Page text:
Is Interest-Only Best For a Quick Turnover?
February 21, 2005, Revised December 28, 2005, June 4, 2009

An interest-only mortgage (IO) is one that grants the borrower an option to pay only the interest for the first 5-10 years. They can pay more if they wish, but they are obliged to pay only the interest. IOs have been around for a long time, but their recent popularity began when the option was attached to adjustable rate mortgages (ARMs).

Some of this popularity is based on a misperception. Since ARMs have lower rates than fixed-rate mortgages (FRMs), IOs are marketed as having low rates. Since a 30-year ARM with an IO option is priced lower than a 30-year FRM, for example, the lower rate is attributed to the IO. Few loan providers bother to mention that an ARM with the IO option is priced higher than the identical ARM without the option.

Every time I think I have shot down the last of the exaggerated claims for interest-only, a new one pops up. Here is the latest.

"I am planning to purchase a house and sell it within 1 or 2 years. I have been advised that an interest-only loan fits this situation best. Is that true?"

An interest-only (IO) is the instrument of choice in a quick turnover situation only if you are trying to maximize the amount of house you can buy, and are limited by your income. The IO option lowers the required initial payment, which allows you to qualify for a larger loan amount.

This is why buyers in markets undergoing strong price appreciation, who are looking for quick capital gains, gravitate to IOs – or to their big brother, the flexible payment (option ARM), which has even lower payments in the first year than an IO. See Option (Flexible Payment) ARMs.

The more expensive the house they can buy, the larger the expected capital gain. However, if you don’t need an IO to qualify for the house you want to buy, it is not the best choice in a quick turnover situation.

Your objective should be to minimize your total net costs over the 1-2 years you have the mortgage. Gross costs include points and settlement costs, which are paid upfront, monthly payments during the period, and interest lost on both upfront costs and monthly payments. Cost offsets that are deducted from the total consist of tax savings and reduction in the loan balance.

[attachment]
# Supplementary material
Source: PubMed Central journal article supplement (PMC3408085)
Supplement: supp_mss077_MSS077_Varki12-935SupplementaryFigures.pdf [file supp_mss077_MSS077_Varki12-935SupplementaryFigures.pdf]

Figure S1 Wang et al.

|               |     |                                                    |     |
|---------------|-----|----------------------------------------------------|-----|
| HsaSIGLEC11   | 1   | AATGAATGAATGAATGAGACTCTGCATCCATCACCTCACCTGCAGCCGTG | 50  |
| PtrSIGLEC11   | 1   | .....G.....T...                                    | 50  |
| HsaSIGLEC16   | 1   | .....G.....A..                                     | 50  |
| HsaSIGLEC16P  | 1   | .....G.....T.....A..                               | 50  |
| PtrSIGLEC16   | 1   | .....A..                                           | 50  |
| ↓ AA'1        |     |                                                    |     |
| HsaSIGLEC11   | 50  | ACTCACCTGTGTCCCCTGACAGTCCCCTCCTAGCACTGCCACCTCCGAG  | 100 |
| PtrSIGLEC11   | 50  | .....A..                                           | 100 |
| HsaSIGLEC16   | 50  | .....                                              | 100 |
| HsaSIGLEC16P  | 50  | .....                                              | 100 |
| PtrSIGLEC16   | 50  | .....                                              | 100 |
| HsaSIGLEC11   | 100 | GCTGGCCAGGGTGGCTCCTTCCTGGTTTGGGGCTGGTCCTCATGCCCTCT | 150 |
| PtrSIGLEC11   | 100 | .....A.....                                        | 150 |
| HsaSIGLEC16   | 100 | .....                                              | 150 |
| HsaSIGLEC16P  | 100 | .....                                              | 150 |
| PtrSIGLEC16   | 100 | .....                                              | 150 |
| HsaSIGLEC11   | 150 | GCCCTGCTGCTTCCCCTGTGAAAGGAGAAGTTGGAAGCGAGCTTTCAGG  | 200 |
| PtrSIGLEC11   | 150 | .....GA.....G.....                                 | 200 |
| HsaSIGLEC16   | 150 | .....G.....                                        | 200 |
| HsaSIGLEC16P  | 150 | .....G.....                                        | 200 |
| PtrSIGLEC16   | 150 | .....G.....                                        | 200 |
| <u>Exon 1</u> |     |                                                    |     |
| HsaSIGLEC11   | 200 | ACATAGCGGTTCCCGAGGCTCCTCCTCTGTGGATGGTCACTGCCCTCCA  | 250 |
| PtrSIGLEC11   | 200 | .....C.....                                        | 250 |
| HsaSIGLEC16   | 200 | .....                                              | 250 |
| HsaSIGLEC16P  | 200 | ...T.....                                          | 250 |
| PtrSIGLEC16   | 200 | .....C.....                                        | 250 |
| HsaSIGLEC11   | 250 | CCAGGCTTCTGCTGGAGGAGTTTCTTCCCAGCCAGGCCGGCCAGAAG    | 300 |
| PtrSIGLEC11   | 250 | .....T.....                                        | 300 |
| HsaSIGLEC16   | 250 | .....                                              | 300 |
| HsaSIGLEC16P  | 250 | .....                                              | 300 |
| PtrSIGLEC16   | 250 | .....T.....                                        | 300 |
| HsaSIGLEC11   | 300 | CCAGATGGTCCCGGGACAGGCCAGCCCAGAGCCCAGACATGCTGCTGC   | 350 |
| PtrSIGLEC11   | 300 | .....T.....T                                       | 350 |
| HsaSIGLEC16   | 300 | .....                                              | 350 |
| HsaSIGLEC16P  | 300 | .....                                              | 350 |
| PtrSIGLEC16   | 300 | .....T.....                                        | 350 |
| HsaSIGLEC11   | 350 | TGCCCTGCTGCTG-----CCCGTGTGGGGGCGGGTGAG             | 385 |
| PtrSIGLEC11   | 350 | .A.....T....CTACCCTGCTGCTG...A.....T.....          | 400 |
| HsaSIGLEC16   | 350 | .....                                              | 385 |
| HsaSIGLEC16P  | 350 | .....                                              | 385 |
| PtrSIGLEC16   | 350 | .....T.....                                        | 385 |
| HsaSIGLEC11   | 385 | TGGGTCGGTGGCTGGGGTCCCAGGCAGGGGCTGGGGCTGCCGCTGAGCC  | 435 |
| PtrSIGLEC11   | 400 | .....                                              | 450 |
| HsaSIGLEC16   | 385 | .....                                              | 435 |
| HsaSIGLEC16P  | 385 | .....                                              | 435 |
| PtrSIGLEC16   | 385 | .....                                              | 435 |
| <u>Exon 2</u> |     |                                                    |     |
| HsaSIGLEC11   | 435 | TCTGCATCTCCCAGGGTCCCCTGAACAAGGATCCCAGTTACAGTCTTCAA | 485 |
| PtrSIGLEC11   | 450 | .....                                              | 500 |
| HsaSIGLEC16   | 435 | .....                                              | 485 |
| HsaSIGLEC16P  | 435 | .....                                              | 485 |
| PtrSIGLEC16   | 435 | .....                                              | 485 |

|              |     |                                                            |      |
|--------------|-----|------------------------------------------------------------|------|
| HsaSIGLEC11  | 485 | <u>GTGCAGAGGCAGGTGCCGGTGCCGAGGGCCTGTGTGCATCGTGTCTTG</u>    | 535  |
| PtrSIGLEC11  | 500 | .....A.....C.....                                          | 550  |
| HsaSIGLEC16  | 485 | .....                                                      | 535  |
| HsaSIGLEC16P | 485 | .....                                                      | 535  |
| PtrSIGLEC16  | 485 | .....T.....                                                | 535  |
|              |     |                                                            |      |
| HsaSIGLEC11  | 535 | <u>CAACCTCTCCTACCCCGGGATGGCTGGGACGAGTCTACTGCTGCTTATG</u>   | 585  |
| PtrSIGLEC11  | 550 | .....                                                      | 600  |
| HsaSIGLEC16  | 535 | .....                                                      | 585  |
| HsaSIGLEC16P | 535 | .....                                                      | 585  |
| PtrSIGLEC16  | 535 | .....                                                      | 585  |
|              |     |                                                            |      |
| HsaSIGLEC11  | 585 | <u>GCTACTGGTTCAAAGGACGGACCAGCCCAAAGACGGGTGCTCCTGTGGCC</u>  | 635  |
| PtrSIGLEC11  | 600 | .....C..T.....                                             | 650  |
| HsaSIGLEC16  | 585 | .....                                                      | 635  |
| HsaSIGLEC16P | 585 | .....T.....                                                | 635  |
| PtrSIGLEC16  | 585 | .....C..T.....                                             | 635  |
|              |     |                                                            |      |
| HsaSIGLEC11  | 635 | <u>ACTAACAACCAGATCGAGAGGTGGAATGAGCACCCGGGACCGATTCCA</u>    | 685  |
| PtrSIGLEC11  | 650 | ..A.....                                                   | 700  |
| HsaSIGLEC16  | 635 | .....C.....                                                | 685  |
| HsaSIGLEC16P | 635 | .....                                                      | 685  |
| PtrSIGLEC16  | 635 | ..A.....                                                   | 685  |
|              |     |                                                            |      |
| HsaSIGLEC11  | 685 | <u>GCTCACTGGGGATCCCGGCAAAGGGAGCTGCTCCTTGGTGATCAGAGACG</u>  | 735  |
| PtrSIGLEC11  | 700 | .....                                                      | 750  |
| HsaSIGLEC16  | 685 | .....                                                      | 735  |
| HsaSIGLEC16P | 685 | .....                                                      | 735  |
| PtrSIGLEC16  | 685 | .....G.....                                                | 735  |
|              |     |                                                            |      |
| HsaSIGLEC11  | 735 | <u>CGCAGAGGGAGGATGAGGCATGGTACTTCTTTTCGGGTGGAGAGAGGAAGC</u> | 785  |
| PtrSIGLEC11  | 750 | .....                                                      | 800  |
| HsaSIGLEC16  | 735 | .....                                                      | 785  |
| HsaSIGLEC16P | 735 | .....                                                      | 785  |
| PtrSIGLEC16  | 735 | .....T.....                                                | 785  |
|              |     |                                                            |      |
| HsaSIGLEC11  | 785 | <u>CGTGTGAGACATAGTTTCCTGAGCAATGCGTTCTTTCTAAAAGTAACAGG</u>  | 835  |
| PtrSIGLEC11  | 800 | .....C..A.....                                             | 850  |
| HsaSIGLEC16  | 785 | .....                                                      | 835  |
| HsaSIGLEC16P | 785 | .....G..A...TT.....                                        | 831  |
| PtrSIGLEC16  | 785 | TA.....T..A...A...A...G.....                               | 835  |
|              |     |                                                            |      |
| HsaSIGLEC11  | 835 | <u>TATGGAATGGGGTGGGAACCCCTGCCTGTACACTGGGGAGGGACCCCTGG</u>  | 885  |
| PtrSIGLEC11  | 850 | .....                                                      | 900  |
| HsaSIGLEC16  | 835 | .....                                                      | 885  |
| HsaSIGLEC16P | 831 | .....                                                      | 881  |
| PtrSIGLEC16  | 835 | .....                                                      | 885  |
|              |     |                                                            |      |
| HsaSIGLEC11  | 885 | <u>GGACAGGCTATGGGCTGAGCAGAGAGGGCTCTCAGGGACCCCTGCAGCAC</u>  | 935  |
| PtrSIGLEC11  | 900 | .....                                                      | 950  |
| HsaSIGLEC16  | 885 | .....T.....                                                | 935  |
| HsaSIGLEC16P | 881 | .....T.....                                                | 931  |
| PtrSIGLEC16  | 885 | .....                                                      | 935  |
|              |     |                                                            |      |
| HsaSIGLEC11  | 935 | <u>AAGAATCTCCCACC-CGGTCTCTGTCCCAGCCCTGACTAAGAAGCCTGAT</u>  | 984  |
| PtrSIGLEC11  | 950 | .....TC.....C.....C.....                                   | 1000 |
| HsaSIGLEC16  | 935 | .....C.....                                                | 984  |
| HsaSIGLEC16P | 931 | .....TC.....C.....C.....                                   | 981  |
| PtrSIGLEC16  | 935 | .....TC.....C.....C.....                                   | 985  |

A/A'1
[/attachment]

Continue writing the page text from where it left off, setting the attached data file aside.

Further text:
Whether or not the mortgage is an IO hardly affects total net costs. The payment is lower with the IO, but balance reduction, which is a cost offset, is eliminated.

To minimize total net cost over a short period, focus on finding the best combination of interest rate and rebate. A rebate is negative points, where the lender pays you for a higher rate instead of you paying the lender for a lower rate. A rebate will reduce or perhaps eliminate your upfront cost. When your time horizon is very short, paying a higher interest rate in exchange for a rebate is a good deal because you won’t be paying the rate very long.

To verify this, on December 17, 2005 I accessed a data base on wholesale prices posted by the major wholesale lenders – those that deal with mortgage brokers. I shopped (as if I were a broker) for a conforming loan of $300,000 on a $400,000 house purchase for a borrower with good credit, who can fully document adequate income and assets, and who will occupy the house as a permanent residence.

I found the best deal on 15 and 30-year fixed-rate mortgages (FRMs), and 3, 5 and 7-year adjustables (ARMs), each with and without an interest-only option, at the highest rebates offered. I then used calculator 9ci to find the total costs over a 2-year period in all 10 cases. As a check, I did the same thing at zero points and at the largest number of points offered.

The lowest cost mortgage over 2 years was the 15-year FRM with the highest rate-largest rebate combination. A close second was the 30-year FRM with the highest rate-largest rebate combination. On the ARMs, in contrast, costs were not materially different between the highest rate-largest rebate combination and the combination of a lower rate at zero points. In every case, switching to the IO version, whether FRM or ARM, increased the cost.

You can’t shop wholesale prices, but the relationships I found will carry over to web sites you can shop, such as those of the 7 Upfront Mortgage Lenders. If your time horizon is 2 years, your instrument of choice is a 15-year FRM with the largest rebate offered. If you can’t make the payment on the 15, your second choice is the 30-year FRM with the largest rebate. Neither ARMs nor IOs work as well.

Note that the calculation of total cost is impacted by your tax rate, which affects tax savings, and your savings rate, which affects interest loss on upfront costs and monthly payments. However, you can adjust everything to the particulars of your personal finances using calculator 9ci, Future Value Calculator: Comparing Two Fixed-Rate Mortgages.

This calculator offers an interest-only option, so if you aren’t convinced that interest-only won’t minimize your costs, you can test it yourself. Just remember that when you use the IO option, you must adjust the price as well. Adding an IO option always increases the price.
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